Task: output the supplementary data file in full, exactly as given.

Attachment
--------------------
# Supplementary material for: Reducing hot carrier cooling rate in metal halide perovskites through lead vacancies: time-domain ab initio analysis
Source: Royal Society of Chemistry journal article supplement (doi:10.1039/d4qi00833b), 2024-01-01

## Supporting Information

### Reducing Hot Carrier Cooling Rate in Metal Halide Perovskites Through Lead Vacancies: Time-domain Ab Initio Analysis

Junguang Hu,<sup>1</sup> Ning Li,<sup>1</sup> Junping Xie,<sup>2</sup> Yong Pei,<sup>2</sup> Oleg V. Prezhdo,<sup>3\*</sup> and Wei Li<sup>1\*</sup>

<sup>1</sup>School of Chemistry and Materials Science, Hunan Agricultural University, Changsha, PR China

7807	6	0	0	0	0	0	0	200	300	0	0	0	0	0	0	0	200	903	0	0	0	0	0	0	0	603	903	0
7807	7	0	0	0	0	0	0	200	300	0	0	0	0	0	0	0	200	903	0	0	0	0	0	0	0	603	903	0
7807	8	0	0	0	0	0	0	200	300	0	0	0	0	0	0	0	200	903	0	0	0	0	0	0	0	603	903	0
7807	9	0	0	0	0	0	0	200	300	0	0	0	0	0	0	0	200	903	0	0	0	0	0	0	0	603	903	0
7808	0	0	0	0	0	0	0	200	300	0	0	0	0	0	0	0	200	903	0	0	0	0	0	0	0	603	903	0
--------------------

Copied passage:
# Supplementary material for: Reducing hot carrier cooling rate in metal halide perovskites through lead vacancies: time-domain ab initio analysis
Source: Royal Society of Chemistry journal article supplement (doi:10.1039/d4qi00833b), 2024-01-01

## Supporting Information

### Reducing Hot Carrier Cooling Rate in Metal Halide Perovskites Through Lead Vacancies: Time-domain Ab Initio Analysis

Junguang Hu,<sup>1</sup> Ning Li,<sup>1</sup> Junping Xie,<sup>2</sup> Yong Pei,<sup>2</sup> Oleg V. Prezhdo,<sup>3\*</sup> and Wei Li<sup>1\*</sup>

<sup>1</sup>School of Chemistry and Materials Science, Hunan Agricultural University, Changsha, PR China

7807	6	0	0	0	0	0	0	200	300	0	0	0	0	0	0	0	200	903	0	0	0	0	0	0	0	603	903	0
7807	7	0	0	0	0	0	0	200	300	0	0	0	0	0	0	0	200	903	0	0	0	0	0	0	0	603	903	0
7807	8	0	0	0	0	0	0	200	300	0	0	0	0	0	0	0	200	903	0	0	0	0	0	0	0	603	903	0
7807	9	0	0	0	0	0	0	200	300	0	0	0	0	0	0	0	200	903	0	0	0	0	0	0	0	603	903	0
7808	0	0	0	0	0	0	0	200	300	0	0	0	0	0	0	0	200	903	0	0	0	0	0	0	0	603	903	0